M-3 Boost Mobile
Boost Mobile (http://www.boostmobile.com), a division of Nextel aimed at young subscribers and ethnic groups, is ramping up. Boost Mobile, a prepaid service, added 132,000 customers in the first quarter of 2004, on top of 385,000 in all of 2003. In May of 2004, Nextel reported that it has 13 million subscribers.
M-4 The Company?s Financial Position
704 Case M Nextel (http://www.nextel.com)
its 2.1 percent monthly customer-defection rate is the lowest in an industry that averages a 2.6 percent monthly churn.
Operating performance remains impressive. In 2004?s first quarter, Nextel added 474,000 subscribers?about 15 percent of the overall industry?s total gains in that period. Nextel is gaining market share. Despite the vicious price-cutting that the industry is witnessing, Nextel?s income jumped 184 percent, to $591 million, on revenues that were up 31 percent, to $3.1 billion, in the quarter.
M-5 Recent Developments
M-5a New Spectrum
Because Nextel uses the same frequencies as police and fire depart- ments, all parties suffer from interference. The Federal Communi- cations Commission (FCC) has been trying for several years to relocate part of Nextel?s service to a different wireless spectrum. Doing so should allow Nextel to build a superfast network similar to those being constructed by rivals like Verizon Wireless, the number one U.S. wireless company. On July 8, 2004, the FCC made a decision to allot Nextel valuable new spectrum space (in the 1.9- gigahertz band) to carry its cell phone service. Under this agree- ment, Nextel will get the frequency in return for relinquishing some of its existing spectrum to police and fire departments and helping them relocate to the spectrum it is giving up. This upgrade will cost Nextel three times what it had originally offered for relocation. The deal ultimately is expected to cost $3.2 billion. On the bright side, having the new spectrum should allow Nextel to handle more voice calls, provide more advanced data services, and keep up with its rivals in the long run. Without the spectrum swap Nextel is likely to be at a competitive disadvantage because of its spectrum limita- tions?its existing spectrum did not have enough capacity to sup- port more voice calls and advanced services. Analysts agree that the company?s long-term survival now looks to be more ensured. Earn- ings should grow 45 percent this year, to $2.07 per share, on revenues of $12.9 billion.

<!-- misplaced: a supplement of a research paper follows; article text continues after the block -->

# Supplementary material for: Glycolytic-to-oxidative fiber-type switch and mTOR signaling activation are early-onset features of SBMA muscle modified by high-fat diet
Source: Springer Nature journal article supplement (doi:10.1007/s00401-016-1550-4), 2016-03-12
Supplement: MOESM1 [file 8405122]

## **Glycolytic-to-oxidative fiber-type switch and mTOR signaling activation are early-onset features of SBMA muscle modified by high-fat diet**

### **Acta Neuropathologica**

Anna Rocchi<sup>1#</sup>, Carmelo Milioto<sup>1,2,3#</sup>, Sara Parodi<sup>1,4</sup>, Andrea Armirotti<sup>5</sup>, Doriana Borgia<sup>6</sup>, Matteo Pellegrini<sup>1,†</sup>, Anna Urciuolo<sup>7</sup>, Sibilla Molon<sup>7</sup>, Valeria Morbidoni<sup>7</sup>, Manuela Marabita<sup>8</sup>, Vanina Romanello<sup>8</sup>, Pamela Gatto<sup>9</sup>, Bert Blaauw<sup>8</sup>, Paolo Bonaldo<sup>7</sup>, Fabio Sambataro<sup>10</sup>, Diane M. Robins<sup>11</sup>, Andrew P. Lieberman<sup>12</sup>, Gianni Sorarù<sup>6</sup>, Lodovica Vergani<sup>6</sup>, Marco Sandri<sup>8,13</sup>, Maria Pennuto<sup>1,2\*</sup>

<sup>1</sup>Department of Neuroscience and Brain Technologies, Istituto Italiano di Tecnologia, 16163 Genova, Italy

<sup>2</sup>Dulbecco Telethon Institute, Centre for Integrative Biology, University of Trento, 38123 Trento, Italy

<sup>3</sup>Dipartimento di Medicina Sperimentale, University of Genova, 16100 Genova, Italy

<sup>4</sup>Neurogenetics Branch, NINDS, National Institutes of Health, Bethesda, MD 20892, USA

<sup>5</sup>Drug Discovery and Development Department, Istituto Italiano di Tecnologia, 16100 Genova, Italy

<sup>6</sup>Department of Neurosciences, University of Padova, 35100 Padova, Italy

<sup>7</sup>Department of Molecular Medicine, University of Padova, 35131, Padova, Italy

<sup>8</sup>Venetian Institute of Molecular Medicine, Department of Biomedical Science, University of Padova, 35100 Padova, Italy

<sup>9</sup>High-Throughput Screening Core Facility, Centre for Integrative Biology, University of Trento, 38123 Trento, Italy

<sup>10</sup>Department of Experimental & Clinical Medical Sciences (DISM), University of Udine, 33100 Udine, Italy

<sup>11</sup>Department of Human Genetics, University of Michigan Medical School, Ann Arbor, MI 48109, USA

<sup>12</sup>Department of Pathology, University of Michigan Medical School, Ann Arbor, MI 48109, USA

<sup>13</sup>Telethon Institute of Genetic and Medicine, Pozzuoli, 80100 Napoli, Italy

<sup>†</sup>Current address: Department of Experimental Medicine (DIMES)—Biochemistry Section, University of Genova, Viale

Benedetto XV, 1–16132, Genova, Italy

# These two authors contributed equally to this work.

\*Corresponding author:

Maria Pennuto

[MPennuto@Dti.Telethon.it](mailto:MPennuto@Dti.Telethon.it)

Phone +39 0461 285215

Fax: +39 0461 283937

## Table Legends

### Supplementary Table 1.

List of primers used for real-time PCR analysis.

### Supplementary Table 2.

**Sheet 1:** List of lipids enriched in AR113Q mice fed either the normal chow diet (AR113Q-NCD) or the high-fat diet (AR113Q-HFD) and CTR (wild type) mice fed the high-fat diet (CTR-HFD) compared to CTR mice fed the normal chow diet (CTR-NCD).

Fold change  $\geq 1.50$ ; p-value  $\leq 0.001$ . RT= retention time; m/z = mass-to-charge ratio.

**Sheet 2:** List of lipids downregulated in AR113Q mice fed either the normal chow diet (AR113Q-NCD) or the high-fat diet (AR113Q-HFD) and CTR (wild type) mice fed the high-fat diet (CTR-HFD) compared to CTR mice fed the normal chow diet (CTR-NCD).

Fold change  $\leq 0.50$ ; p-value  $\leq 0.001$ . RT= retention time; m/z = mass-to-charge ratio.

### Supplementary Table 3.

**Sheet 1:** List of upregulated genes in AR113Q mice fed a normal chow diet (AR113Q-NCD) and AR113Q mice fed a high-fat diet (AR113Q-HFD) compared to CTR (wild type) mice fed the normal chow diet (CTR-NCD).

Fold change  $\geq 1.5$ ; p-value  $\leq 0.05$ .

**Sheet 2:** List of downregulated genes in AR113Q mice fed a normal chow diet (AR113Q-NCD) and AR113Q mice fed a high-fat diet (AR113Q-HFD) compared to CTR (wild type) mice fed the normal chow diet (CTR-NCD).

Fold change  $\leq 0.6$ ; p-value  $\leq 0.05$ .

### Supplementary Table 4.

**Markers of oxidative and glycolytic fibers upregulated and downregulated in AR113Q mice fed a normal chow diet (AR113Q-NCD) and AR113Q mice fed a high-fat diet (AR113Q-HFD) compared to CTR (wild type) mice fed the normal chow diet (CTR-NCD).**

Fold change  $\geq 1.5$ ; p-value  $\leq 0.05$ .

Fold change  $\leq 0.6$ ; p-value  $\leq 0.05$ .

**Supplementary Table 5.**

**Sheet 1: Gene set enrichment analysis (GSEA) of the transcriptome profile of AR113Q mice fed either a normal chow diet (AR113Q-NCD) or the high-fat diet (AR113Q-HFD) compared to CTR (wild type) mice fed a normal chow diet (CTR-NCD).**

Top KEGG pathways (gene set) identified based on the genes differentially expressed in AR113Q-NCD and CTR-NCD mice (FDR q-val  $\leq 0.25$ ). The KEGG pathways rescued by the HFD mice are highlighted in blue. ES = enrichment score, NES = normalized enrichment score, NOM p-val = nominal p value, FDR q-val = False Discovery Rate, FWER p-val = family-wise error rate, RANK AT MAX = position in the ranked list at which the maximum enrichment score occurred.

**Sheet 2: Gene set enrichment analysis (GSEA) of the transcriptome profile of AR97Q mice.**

M-5b New Technologies
Analysts say that the new technology, PPT, is likely to create waves in the cellular phone market. With PTT, the user can connect to another party simply by holding down a special button when talk- ing. The feature connects users within a few seconds, as opposed to 20 to 25 seconds with conventional cell phone dialing.
Verizon Wireless is charging $20 a month for the service. That price is likely to drop when other carriers enter the market. Building out a PTT service is not that expensive, costing well under $100 million for most carriers compared with the tens of billions they spent on networks allowing for more voice calls and other data services, such as interactive mobile games, which add only about $2 in extra revenue per user each month.
A May 2003 Yankee Group (http://www.yankeegroup.com) survey of 2,490 business users and consumers showed that 24 percent of them want the PTT function. That?s why Cingular (http://www.cingular.com), AT&T Wireless, and T-Mobile (http:// www.t-mobile.com) have partnered with equipment vendors Erics- son (http://www.ericsson.com), Nokia (http://www.nokia.com), and privately held Sonim Technologies to standardize the PTT technology. The standard would ensure that different carriers? cus- tomers can call each other using PTT. To counter this thrust, Nextel is working with Motorola, the creator of the unique iDen technol- ogy its network is based on, and wireless technology powerhouse
Qualcomm (http://www.qualcomm.com) on interoperability with technology used by Sprint PCS.
Nextel has another reason to worry. It has not paired up its walkie-talkie service with an IM-like screen, showing which of the users are available at a given time, as Verizon has done. And analysts say that is what will make the improved PTT service the next wireless killer application.